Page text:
SD cards have been a huge hit because they are easy to use. Put the card into the slot, and it works. They’re also long-lasting, backward compatible, compact, or even enormous in certain situations, and relatively inexpensive.

Despite its intimate association with the first digital cameras to hit the market, its usage has slowly extended to other devices. Increasingly, we’re seeing them in laptops and tablets, where they serve the same purpose as smartphones: expanding internal storage capacity.

What is an SD memory card?

Portable devices such as mobile phones, digital cameras, tablets, gaming consoles, and GPS navigators may store data and content on an SD card (short for Secure Digital).

Because of their compact size and high capacity, SD cards have become one of the most popular storage mediums.

There are three primary considerations to make when purchasing an SD card:

  • how much space is needed?
  • Ability
  • Speed of reading and writing

Types of SD cards

Depending on their size, SD cards may be divided into three categories:

  • SD (Standard Deviation) (or full format SD)
  • A little SD cards
  • Memory card with a microSD

Only SD and mini-SD cards have been available for a few years now. The micro-SD card is no longer in production and has no utility.

As far as we know, this is the first version to hit the market. It is 32 mm high x 24 mm broad x 21 mm thick. DSLR digital still cameras and certain camcorders presently use this format.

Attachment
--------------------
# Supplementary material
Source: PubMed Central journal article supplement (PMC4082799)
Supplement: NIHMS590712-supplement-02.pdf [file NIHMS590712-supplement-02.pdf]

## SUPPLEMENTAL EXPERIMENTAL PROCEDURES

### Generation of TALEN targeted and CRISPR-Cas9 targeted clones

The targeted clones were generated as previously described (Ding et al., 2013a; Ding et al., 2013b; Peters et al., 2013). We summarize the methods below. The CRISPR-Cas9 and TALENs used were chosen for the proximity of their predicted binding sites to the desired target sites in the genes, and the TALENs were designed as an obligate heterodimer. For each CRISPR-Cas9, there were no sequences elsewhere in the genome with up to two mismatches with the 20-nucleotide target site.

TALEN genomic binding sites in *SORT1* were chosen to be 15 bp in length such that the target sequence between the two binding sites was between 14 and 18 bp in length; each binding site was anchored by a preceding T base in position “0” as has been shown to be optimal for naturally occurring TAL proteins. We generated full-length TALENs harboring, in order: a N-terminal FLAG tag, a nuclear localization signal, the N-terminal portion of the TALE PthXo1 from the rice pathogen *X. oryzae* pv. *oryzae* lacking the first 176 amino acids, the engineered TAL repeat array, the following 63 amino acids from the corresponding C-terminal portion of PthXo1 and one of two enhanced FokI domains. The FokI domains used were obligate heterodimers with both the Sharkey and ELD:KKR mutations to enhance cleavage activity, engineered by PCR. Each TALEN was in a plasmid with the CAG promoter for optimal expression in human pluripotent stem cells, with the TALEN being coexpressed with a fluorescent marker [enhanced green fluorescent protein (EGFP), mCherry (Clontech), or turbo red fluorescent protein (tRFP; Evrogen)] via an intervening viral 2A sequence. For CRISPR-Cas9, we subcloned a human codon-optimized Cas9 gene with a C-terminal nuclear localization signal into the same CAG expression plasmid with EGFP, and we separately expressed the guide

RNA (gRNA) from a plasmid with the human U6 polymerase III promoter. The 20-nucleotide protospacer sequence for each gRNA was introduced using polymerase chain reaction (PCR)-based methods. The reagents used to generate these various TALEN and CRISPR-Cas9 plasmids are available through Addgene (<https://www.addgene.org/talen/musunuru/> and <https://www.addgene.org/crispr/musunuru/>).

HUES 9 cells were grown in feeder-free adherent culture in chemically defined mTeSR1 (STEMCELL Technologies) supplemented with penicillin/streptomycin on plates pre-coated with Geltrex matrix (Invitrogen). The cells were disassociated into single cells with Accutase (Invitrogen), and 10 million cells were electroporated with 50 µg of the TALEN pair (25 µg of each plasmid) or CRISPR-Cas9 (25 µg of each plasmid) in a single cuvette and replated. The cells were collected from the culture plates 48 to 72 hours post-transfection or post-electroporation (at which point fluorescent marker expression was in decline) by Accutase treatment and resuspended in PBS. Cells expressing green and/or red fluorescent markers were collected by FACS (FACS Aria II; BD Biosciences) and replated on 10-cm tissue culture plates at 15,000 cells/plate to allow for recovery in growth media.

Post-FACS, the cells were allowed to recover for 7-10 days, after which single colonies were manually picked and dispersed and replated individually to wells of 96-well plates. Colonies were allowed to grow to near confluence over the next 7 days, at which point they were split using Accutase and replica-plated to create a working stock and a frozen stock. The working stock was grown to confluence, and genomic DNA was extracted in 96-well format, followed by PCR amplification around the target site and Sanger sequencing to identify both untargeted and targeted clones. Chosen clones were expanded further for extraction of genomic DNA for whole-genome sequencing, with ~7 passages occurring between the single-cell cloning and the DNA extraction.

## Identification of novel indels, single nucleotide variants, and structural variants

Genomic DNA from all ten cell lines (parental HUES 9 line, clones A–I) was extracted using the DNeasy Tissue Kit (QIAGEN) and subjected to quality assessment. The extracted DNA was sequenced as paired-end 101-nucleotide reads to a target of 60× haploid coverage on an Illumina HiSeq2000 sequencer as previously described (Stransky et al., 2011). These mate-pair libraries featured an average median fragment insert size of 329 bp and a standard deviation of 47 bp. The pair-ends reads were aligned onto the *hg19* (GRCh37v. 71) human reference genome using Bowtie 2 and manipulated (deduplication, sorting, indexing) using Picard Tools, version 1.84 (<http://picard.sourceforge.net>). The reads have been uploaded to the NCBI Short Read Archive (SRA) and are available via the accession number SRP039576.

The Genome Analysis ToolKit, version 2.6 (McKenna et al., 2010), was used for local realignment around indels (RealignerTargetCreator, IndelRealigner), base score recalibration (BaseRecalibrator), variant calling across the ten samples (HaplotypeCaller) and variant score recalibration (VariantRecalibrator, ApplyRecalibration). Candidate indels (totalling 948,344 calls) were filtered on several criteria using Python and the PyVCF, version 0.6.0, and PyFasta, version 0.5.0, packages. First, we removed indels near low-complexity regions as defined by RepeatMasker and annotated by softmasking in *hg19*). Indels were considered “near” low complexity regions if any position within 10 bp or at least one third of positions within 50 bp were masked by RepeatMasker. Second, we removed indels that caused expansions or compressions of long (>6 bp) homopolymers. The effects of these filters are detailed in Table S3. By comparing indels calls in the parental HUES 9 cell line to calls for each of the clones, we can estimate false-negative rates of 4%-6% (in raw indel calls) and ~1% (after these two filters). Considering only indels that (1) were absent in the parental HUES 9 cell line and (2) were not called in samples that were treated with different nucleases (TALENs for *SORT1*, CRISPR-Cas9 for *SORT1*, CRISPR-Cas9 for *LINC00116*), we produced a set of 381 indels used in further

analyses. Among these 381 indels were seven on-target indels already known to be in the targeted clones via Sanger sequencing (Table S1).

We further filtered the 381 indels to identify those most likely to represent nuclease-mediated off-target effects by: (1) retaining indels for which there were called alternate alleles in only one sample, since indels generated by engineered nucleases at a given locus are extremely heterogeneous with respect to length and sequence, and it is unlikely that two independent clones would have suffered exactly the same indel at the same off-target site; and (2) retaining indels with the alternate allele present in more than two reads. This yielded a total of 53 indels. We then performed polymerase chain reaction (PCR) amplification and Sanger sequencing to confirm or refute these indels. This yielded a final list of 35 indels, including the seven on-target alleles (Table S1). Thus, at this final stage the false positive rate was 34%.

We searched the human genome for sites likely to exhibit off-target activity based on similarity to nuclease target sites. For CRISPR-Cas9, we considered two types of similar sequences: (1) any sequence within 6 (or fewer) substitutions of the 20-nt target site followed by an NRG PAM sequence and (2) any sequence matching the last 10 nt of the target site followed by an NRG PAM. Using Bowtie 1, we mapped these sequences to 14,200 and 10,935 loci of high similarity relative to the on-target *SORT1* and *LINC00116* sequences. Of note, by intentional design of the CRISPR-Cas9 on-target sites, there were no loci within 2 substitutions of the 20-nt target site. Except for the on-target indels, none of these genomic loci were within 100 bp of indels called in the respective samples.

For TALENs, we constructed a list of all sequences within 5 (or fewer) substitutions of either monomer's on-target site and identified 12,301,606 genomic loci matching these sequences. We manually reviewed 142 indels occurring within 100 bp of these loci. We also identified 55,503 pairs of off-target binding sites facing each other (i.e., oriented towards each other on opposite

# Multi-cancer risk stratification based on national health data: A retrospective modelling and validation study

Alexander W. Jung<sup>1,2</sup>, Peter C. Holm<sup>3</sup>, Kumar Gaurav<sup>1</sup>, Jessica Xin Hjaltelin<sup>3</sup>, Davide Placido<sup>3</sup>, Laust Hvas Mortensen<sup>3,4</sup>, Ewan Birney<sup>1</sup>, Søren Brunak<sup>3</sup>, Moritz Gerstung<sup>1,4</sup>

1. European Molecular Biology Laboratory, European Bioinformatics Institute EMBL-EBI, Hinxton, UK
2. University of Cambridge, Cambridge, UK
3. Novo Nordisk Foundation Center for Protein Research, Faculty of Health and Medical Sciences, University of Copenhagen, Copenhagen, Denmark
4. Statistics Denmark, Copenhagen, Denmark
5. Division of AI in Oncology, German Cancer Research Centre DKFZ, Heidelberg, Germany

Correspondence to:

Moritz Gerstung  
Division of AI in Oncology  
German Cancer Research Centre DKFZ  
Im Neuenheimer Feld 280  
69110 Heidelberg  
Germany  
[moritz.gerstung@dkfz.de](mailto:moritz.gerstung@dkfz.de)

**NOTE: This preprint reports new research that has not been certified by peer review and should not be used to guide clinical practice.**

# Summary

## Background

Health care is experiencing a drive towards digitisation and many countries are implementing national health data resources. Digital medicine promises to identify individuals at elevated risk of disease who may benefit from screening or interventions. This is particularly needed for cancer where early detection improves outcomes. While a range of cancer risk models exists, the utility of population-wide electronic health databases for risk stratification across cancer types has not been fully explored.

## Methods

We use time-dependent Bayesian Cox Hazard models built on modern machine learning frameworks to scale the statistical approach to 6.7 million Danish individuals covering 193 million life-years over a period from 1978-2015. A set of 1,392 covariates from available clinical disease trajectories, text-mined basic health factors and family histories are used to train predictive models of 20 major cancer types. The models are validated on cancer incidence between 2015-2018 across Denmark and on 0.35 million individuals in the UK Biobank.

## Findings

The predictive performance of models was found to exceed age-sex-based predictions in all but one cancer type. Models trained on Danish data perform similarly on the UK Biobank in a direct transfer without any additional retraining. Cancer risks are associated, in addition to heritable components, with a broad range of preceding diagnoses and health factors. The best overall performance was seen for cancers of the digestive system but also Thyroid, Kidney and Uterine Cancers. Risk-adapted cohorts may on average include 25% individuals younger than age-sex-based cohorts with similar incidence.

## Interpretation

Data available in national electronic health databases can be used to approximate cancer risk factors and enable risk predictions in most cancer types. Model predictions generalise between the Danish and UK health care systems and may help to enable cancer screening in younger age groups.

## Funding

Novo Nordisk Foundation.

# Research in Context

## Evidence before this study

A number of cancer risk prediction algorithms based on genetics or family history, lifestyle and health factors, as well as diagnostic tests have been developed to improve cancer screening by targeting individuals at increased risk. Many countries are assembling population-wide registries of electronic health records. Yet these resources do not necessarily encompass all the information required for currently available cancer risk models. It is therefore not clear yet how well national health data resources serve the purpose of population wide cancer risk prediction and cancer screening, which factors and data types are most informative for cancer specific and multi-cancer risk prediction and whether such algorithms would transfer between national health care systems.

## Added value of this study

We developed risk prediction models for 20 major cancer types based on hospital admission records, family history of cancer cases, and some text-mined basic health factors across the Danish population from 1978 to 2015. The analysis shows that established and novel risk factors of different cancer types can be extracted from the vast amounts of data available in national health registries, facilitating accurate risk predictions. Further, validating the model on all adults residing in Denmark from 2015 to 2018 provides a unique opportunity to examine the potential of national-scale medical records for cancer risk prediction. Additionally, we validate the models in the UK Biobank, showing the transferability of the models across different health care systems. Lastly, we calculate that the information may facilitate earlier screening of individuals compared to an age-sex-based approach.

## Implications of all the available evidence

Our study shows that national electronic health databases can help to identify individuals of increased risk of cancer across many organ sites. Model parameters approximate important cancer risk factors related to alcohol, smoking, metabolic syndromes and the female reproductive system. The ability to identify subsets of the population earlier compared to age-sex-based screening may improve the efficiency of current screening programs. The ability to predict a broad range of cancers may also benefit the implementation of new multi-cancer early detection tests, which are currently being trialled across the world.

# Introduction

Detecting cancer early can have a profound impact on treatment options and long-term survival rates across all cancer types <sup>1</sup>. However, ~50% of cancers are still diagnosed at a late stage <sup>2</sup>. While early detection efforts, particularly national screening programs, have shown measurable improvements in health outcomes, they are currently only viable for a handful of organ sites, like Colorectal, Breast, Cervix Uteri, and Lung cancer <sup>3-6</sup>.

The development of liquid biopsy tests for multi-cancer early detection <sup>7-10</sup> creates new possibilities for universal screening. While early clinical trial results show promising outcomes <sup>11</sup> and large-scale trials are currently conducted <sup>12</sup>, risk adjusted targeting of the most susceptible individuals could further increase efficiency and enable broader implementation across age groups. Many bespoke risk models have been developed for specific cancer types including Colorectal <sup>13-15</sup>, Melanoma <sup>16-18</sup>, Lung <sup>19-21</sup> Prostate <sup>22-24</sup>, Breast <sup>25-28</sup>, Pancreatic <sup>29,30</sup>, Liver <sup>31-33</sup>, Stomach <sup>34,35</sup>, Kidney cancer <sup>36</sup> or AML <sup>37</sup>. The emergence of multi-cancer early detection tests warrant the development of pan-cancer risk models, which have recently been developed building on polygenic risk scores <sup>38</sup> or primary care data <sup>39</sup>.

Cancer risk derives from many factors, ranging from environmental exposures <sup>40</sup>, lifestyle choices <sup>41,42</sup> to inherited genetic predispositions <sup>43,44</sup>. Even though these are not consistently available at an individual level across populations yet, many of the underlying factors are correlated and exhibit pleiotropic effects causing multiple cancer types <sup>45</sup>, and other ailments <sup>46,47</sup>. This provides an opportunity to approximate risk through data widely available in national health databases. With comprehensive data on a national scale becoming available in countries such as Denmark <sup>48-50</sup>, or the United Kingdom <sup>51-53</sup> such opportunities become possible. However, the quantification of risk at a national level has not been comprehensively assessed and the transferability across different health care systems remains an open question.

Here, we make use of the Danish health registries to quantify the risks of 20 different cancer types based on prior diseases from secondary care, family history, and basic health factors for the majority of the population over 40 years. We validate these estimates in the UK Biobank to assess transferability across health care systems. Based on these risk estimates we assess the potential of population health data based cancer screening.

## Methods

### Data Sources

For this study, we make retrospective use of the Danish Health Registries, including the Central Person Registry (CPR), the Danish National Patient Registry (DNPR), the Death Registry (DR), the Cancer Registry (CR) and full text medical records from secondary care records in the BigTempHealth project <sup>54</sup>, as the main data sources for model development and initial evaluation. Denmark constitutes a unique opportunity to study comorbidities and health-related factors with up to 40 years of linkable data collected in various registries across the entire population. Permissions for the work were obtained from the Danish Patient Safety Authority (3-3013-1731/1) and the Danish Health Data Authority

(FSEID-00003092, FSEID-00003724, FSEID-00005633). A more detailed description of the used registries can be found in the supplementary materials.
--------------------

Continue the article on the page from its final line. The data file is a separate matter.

They measure 21.5mm high x 20mm wide x 14.5mm thick, the first generation of SD cards. They’ve been deprecated for a while now.

CompactFlash: CompactFlash is the most often used format for tiny devices. Whether it’s on a phone, a tablet, or a gaming console, you’ll find them. The micro-SD card is 15 mm in height, 11 mm in width, and 10 mm in thickness.

Bulk SD Cards: What You Need to Know Before Doing So

Consider your alternatives when purchasing individual and bulk sd cards to get the most out of your purchases.

Asking yourself these questions may help you get clarity.

  • Which do you prefer: internal or external storage on an SD card?
  • Do you plan on archiving a lot of images or videos?
  • Is there a class or storage size you require to meet your requirements?
  • Is there a particular brand you’re after?

The answers to these questions might help you determine the SD card(s) you require for a specific application.

While an SD card for an MP3 player or a picture frame could suffice in a digital camera, it’s not the best choice for your Nikon DSLR camera or a digital camcorder. Card manufacturers and different tech businesses use tight specifications to ensure optimal write speeds and supported sizes—performance matters.

More information regarding SD cards may be found here to assist you in making a purchase choice.

What are the SD standard and the required storage capacity?

Consider the kind of card your device needs before purchasing a memory card. You can generally get this information in the device’s instruction manual or its manufacturer’s website. You’ll see which device supports SD standards. On the one hand, SD and microSD cards use the same standards, including SDHC, SDXC, and SDUC, on the other hand.

SDHC and SDXC are now the most common SD and microSD card formats. There is a significant discrepancy in the amount of data stored across the SD standards. Using an SDXC card with a maximum capacity of 2TB is ideal for storing 4K films since this is the most incredible storage space available. SDXC cards, on the other hand, employ the exFAT file system to accommodate the enormous files created while recording video at high bitrates with cameras like the Sony a7S III. Files on other cards’ FAT32 file systems can only be up to 4 GB in size, only for comparison.

A 32 GB or 64 GB card should be sufficient for most users. You can take hundreds or thousands of images and videos with a medium-sized memory card.


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